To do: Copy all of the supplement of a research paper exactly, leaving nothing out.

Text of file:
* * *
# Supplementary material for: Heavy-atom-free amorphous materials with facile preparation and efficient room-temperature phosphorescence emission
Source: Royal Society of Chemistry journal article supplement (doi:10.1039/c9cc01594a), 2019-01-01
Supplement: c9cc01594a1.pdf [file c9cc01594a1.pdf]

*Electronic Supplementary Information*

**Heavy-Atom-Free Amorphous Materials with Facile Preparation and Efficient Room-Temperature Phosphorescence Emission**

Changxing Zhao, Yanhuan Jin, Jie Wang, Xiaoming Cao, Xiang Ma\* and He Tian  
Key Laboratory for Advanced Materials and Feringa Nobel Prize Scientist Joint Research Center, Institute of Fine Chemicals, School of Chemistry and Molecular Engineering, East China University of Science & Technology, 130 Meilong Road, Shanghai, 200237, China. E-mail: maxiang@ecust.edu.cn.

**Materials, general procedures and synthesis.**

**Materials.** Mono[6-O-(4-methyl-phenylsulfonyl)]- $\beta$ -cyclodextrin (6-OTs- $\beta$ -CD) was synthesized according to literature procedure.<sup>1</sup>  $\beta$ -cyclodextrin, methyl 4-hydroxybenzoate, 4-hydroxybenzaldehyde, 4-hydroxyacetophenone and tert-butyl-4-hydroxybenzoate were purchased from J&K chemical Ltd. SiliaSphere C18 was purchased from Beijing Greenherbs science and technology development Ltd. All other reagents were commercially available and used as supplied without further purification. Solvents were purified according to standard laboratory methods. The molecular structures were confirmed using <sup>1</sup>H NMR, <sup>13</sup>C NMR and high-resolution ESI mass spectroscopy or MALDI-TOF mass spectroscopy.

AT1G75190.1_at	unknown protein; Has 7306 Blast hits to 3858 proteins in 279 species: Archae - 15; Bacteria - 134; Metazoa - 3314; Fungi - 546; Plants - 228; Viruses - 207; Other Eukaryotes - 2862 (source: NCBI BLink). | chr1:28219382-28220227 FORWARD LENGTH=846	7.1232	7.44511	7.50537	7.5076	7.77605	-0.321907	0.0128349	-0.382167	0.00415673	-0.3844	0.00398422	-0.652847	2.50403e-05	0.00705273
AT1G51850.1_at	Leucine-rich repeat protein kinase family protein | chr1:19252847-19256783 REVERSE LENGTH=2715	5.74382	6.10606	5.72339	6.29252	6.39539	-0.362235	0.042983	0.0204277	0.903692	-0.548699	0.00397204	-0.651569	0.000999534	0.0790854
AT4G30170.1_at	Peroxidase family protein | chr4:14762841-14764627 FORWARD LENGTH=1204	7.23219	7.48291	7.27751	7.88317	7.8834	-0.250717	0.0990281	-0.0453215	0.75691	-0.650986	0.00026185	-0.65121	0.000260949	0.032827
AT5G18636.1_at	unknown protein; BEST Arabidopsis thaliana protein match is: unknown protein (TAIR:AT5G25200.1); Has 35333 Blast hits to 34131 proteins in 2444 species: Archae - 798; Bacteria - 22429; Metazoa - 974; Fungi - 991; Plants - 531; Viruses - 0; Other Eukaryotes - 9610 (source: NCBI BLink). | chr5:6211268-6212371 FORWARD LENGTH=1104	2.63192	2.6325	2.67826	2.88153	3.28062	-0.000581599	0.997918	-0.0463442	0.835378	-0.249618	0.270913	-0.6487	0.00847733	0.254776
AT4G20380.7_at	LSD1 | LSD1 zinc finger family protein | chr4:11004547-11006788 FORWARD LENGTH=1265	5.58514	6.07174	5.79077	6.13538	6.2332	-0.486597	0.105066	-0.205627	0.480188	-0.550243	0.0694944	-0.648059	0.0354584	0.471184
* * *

# Supplementary material for: Heavy-atom-free amorphous materials with facile preparation and efficient room-temperature phosphorescence emission
Source: Royal Society of Chemistry journal article supplement (doi:10.1039/c9cc01594a), 2019-01-01
Supplement: c9cc01594a1.pdf [file c9cc01594a1.pdf]

*Electronic Supplementary Information*

**Heavy-Atom-Free Amorphous Materials with Facile Preparation and Efficient Room-Temperature Phosphorescence Emission**

Changxing Zhao, Yanhuan Jin, Jie Wang, Xiaoming Cao, Xiang Ma\* and He Tian  
Key Laboratory for Advanced Materials and Feringa Nobel Prize Scientist Joint Research Center, Institute of Fine Chemicals, School of Chemistry and Molecular Engineering, East China University of Science & Technology, 130 Meilong Road, Shanghai, 200237, China. E-mail: maxiang@ecust.edu.cn.

**Materials, general procedures and synthesis.**

**Materials.** Mono[6-O-(4-methyl-phenylsulfonyl)]- $\beta$ -cyclodextrin (6-OTs- $\beta$ -CD) was synthesized according to literature procedure.<sup>1</sup>  $\beta$ -cyclodextrin, methyl 4-hydroxybenzoate, 4-hydroxybenzaldehyde, 4-hydroxyacetophenone and tert-butyl-4-hydroxybenzoate were purchased from J&K chemical Ltd. SiliaSphere C18 was purchased from Beijing Greenherbs science and technology development Ltd. All other reagents were commercially available and used as supplied without further purification. Solvents were purified according to standard laboratory methods. The molecular structures were confirmed using <sup>1</sup>H NMR, <sup>13</sup>C NMR and high-resolution ESI mass spectroscopy or MALDI-TOF mass spectroscopy.

AT1G75190.1_at	unknown protein; Has 7306 Blast hits to 3858 proteins in 279 species: Archae - 15; Bacteria - 134; Metazoa - 3314; Fungi - 546; Plants - 228; Viruses - 207; Other Eukaryotes - 2862 (source: NCBI BLink). | chr1:28219382-28220227 FORWARD LENGTH=846	7.1232	7.44511	7.50537	7.5076	7.77605	-0.321907	0.0128349	-0.382167	0.00415673	-0.3844	0.00398422	-0.652847	2.50403e-05	0.00705273
AT1G51850.1_at	Leucine-rich repeat protein kinase family protein | chr1:19252847-19256783 REVERSE LENGTH=2715	5.74382	6.10606	5.72339	6.29252	6.39539	-0.362235	0.042983	0.0204277	0.903692	-0.548699	0.00397204	-0.651569	0.000999534	0.0790854
AT4G30170.1_at	Peroxidase family protein | chr4:14762841-14764627 FORWARD LENGTH=1204	7.23219	7.48291	7.27751	7.88317	7.8834	-0.250717	0.0990281	-0.0453215	0.75691	-0.650986	0.00026185	-0.65121	0.000260949	0.032827
AT5G18636.1_at	unknown protein; BEST Arabidopsis thaliana protein match is: unknown protein (TAIR:AT5G25200.1); Has 35333 Blast hits to 34131 proteins in 2444 species: Archae - 798; Bacteria - 22429; Metazoa - 974; Fungi - 991; Plants - 531; Viruses - 0; Other Eukaryotes - 9610 (source: NCBI BLink). | chr5:6211268-6212371 FORWARD LENGTH=1104	2.63192	2.6325	2.67826	2.88153	3.28062	-0.000581599	0.997918	-0.0463442	0.835378	-0.249618	0.270913	-0.6487	0.00847733	0.254776
AT4G20380.7_at	LSD1 | LSD1 zinc finger family protein | chr4:11004547-11006788 FORWARD LENGTH=1265	5.58514	6.07174	5.79077	6.13538	6.2332	-0.486597	0.105066	-0.205627	0.480188	-0.550243	0.0694944	-0.648059	0.0354584	0.471184